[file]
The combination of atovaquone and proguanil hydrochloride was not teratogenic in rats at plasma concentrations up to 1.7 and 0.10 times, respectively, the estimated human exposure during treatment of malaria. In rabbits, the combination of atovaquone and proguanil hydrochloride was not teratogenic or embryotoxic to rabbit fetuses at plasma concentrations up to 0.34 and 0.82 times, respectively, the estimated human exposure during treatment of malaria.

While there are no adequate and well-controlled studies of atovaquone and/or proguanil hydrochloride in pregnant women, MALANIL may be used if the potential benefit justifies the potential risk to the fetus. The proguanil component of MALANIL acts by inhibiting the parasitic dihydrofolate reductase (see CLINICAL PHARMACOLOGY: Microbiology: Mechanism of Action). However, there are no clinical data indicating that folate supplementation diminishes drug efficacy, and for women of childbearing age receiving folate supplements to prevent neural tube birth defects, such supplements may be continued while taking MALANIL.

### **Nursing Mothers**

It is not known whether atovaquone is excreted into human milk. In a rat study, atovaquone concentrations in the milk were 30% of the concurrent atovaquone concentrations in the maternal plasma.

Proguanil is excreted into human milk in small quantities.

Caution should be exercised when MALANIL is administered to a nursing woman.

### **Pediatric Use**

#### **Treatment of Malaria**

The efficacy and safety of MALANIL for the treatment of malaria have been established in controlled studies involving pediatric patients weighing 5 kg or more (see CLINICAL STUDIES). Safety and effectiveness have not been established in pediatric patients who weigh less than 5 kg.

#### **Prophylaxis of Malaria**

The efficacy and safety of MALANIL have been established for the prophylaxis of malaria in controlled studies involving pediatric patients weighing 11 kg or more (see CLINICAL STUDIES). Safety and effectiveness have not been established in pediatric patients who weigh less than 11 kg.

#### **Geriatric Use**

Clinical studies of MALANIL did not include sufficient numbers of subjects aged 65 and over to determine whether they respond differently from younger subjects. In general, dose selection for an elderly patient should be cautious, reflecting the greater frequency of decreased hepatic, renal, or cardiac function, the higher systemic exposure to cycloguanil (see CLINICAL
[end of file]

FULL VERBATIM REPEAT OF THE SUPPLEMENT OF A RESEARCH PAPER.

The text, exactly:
The combination of atovaquone and proguanil hydrochloride was not teratogenic in rats at plasma concentrations up to 1.7 and 0.10 times, respectively, the estimated human exposure during treatment of malaria. In rabbits, the combination of atovaquone and proguanil hydrochloride was not teratogenic or embryotoxic to rabbit fetuses at plasma concentrations up to 0.34 and 0.82 times, respectively, the estimated human exposure during treatment of malaria.

While there are no adequate and well-controlled studies of atovaquone and/or proguanil hydrochloride in pregnant women, MALANIL may be used if the potential benefit justifies the potential risk to the fetus. The proguanil component of MALANIL acts by inhibiting the parasitic dihydrofolate reductase (see CLINICAL PHARMACOLOGY: Microbiology: Mechanism of Action). However, there are no clinical data indicating that folate supplementation diminishes drug efficacy, and for women of childbearing age receiving folate supplements to prevent neural tube birth defects, such supplements may be continued while taking MALANIL.

### **Nursing Mothers**

It is not known whether atovaquone is excreted into human milk. In a rat study, atovaquone concentrations in the milk were 30% of the concurrent atovaquone concentrations in the maternal plasma.

Proguanil is excreted into human milk in small quantities.

Caution should be exercised when MALANIL is administered to a nursing woman.

### **Pediatric Use**

#### **Treatment of Malaria**

The efficacy and safety of MALANIL for the treatment of malaria have been established in controlled studies involving pediatric patients weighing 5 kg or more (see CLINICAL STUDIES). Safety and effectiveness have not been established in pediatric patients who weigh less than 5 kg.

#### **Prophylaxis of Malaria**

The efficacy and safety of MALANIL have been established for the prophylaxis of malaria in controlled studies involving pediatric patients weighing 11 kg or more (see CLINICAL STUDIES). Safety and effectiveness have not been established in pediatric patients who weigh less than 11 kg.

#### **Geriatric Use**

Clinical studies of MALANIL did not include sufficient numbers of subjects aged 65 and over to determine whether they respond differently from younger subjects. In general, dose selection for an elderly patient should be cautious, reflecting the greater frequency of decreased hepatic, renal, or cardiac function, the higher systemic exposure to cycloguanil (see CLINICAL